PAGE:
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The rights of Aboriginal people are protected by law

The Victorian Equal Opportunity and Human Rights Commission acknowledges Aboriginal and Torres Strait Islander peoples as First Australians and recognises their culture, history, diversity and their deep connection to the land. We recognise the distinct rights and perspectives of all Aboriginal and Torres Strait Islander people.

We acknowledge that the Victorian Equal Opportunity and Human Rights Commission is on the land of the Kulin Nation and pay our respects to their Elders past and present.

What the Commission does

The Commission operates under three laws:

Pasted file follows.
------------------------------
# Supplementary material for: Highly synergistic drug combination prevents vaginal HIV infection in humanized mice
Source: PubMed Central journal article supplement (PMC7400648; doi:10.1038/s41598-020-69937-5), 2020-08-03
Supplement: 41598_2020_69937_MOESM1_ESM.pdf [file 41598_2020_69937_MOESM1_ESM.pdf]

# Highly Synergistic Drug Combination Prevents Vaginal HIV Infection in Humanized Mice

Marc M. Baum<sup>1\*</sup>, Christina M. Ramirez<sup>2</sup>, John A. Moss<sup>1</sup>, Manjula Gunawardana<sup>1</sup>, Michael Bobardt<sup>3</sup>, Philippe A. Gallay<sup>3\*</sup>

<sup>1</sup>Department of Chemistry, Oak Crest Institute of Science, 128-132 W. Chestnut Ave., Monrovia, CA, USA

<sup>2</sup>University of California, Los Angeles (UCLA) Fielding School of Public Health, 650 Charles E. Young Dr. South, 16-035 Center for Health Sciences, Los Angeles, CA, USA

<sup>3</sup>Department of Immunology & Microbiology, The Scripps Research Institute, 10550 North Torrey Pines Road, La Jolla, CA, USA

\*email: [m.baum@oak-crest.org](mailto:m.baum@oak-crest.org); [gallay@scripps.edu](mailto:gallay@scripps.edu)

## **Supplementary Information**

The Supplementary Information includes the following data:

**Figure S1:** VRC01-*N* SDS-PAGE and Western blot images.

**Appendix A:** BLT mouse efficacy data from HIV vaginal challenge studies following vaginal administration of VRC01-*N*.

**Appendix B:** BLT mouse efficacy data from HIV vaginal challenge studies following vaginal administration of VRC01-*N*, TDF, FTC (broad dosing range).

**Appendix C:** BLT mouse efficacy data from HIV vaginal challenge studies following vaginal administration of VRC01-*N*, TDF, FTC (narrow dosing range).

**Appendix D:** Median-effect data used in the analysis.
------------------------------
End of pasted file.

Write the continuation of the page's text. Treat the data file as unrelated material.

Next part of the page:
Under the Equal Opportunity Act and the Racial and Religious Tolerance Act, the Commission receives complaints from the public on discrimination, harassment and victimisation.

We also offer free and fair dispute resolution with the aim of reaching an agreeable result for both parties.

The Commission also has a role to educate the community about their rights and responsibilities under these laws.

Under the Charter, the Commission has this role of education and reports to the government every year about the Charter.

The Commission cannot take complaints about human rights issues unless they are relevant to the Equal Opportunity Act or the Racial and Religious Tolerance Act.

See the menu to your left for more information on what the Commission does and how we can help.

 

Throughout this website the term “Aboriginal” is used to refer to both Aboriginal and Torres Strait Islander people. Use of the terms “Koori”, “Koorie” and “Indigenous” are retained in the names of programs and initiatives, and, unless noted otherwise, are inclusive of both Aboriginal and Torres Strait Islander peoples.